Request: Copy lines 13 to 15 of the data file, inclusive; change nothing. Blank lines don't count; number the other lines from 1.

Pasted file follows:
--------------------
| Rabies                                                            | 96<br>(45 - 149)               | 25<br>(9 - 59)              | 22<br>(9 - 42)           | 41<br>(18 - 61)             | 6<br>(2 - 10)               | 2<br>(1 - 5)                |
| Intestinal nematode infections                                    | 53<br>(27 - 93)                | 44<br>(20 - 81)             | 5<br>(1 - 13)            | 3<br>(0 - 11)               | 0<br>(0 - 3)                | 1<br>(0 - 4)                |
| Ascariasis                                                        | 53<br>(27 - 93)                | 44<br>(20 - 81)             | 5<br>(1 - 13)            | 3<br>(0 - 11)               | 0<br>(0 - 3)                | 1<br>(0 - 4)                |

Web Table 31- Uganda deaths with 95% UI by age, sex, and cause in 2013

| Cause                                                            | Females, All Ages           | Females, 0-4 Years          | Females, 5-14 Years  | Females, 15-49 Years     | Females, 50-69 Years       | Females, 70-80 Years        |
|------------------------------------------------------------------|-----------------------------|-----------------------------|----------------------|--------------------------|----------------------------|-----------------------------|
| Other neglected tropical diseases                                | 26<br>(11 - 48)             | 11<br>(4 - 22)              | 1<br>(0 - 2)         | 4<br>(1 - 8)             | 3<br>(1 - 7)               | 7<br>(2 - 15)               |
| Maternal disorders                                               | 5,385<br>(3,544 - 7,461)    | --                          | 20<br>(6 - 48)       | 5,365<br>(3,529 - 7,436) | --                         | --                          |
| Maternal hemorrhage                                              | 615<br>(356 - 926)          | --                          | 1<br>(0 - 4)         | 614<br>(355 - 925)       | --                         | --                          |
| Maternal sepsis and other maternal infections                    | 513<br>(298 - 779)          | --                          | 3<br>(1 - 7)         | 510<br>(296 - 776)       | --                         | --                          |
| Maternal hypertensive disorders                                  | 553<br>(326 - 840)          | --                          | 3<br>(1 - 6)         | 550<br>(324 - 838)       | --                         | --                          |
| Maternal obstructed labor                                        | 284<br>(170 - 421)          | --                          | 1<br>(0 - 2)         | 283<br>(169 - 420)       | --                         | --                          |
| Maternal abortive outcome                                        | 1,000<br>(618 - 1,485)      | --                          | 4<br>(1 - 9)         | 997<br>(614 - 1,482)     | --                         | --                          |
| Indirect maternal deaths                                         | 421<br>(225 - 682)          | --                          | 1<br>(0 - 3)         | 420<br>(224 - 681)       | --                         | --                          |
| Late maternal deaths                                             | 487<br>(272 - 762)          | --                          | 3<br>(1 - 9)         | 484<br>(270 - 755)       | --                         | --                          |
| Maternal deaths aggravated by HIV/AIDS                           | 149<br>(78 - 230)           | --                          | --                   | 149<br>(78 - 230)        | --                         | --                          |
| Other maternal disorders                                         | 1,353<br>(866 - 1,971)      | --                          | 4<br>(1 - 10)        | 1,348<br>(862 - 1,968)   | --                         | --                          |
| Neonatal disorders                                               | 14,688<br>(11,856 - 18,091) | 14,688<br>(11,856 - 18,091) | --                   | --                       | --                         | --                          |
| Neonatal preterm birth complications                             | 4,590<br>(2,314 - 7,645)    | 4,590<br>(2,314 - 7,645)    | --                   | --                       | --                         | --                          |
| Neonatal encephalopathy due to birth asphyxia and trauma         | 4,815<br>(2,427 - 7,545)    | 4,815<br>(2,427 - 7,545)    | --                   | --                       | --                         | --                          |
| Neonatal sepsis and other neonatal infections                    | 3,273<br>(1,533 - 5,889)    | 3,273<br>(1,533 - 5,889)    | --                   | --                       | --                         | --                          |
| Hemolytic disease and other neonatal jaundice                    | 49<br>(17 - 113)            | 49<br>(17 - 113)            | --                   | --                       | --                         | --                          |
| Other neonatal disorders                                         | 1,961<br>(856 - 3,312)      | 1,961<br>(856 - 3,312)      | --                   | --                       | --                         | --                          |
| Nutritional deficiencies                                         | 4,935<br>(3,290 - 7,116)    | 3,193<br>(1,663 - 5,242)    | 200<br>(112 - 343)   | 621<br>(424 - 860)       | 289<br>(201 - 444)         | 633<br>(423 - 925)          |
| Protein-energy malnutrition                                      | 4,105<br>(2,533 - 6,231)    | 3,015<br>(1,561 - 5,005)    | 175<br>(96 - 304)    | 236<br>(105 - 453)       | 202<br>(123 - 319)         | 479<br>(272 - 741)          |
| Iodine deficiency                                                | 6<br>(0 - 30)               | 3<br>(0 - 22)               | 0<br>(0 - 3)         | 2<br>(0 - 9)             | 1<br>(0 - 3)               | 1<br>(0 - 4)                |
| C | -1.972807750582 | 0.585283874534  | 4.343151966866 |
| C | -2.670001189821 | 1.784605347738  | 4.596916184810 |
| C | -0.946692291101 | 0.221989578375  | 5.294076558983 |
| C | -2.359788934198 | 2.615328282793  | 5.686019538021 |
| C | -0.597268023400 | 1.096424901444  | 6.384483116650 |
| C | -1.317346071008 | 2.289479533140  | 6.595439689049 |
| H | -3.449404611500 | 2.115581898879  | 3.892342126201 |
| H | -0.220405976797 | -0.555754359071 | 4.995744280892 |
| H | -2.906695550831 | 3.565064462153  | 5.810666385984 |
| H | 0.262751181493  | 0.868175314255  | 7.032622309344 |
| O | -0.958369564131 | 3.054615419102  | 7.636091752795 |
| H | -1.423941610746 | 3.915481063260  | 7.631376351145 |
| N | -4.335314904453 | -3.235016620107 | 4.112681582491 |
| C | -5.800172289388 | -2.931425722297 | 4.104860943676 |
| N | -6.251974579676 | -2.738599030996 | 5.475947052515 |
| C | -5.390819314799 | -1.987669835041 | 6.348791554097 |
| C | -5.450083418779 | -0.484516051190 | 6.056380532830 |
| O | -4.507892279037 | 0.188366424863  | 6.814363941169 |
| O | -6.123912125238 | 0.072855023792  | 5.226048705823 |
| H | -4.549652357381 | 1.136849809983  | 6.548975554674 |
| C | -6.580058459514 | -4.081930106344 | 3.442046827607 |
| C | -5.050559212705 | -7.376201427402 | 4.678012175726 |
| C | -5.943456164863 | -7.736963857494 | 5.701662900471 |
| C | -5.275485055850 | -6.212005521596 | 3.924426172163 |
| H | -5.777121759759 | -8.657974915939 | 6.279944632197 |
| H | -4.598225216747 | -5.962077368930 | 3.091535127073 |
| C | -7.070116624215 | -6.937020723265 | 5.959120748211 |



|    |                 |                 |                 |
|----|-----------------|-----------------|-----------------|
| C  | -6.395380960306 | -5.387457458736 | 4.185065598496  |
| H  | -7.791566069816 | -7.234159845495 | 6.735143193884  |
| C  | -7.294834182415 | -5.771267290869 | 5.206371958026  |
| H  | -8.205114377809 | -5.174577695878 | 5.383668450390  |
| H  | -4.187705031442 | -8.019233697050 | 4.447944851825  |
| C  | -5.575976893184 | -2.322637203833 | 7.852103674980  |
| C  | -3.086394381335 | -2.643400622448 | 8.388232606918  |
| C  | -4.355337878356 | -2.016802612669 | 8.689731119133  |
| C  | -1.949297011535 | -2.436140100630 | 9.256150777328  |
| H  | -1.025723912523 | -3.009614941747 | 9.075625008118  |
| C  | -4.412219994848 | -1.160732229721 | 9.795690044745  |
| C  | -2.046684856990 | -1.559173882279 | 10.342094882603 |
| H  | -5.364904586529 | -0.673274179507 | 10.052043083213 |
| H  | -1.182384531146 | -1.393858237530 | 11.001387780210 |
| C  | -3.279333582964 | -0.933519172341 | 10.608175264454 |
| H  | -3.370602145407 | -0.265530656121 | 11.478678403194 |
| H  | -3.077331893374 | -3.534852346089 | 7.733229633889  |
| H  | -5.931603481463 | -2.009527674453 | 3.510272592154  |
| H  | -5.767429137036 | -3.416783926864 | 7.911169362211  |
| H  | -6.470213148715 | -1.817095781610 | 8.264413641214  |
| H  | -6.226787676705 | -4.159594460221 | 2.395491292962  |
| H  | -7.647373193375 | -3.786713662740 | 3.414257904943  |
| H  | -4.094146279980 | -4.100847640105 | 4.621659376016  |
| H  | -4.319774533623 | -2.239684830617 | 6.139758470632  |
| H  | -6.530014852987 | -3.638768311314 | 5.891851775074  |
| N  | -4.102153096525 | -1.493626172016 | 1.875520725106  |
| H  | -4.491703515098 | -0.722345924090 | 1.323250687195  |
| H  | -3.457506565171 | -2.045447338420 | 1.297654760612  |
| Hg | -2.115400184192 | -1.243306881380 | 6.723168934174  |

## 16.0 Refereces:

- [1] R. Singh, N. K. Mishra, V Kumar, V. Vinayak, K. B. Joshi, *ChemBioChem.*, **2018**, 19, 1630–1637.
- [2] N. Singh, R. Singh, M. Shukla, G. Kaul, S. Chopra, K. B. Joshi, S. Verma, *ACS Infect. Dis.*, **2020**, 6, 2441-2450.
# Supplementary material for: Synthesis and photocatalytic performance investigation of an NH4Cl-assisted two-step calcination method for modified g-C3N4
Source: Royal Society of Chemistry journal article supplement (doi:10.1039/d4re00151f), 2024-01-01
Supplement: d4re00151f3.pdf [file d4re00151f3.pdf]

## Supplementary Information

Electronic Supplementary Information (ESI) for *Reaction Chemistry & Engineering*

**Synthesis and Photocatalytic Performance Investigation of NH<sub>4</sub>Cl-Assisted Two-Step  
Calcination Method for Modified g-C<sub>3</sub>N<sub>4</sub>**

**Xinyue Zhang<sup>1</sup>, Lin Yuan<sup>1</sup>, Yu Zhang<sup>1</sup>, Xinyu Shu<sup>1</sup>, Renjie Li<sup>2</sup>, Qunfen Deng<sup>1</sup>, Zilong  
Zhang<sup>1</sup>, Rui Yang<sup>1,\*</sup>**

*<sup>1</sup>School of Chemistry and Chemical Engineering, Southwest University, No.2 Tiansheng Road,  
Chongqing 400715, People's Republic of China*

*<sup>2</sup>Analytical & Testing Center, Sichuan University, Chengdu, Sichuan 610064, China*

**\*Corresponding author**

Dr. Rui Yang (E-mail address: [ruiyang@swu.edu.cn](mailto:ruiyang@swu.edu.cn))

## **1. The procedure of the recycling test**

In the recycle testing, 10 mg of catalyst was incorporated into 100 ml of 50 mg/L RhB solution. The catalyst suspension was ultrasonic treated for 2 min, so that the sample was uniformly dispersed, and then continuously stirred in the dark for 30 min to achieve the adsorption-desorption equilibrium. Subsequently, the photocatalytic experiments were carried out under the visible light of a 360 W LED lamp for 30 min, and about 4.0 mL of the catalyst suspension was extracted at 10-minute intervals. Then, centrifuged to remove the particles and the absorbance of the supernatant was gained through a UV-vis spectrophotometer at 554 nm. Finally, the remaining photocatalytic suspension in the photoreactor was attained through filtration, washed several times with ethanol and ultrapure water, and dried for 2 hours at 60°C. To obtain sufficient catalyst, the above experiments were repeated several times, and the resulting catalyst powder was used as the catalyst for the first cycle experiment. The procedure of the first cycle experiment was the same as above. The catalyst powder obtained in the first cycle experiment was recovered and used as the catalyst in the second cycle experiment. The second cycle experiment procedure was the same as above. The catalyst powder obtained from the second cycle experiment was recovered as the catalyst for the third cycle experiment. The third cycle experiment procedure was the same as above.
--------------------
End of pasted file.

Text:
| Maternal abortive outcome                                        | 1,000<br>(618 - 1,485)      | --                          | 4<br>(1 - 9)         | 997<br>(614 - 1,482)     | --                         | --                          |
| Indirect maternal deaths                                         | 421<br>(225 - 682)          | --                          | 1<br>(0 - 3)         | 420<br>(224 - 681)       | --                         | --                          |
| Late maternal deaths                                             | 487<br>(272 - 762)          | --                          | 3<br>(1 - 9)         | 484<br>(270 - 755)       | --                         | --                          |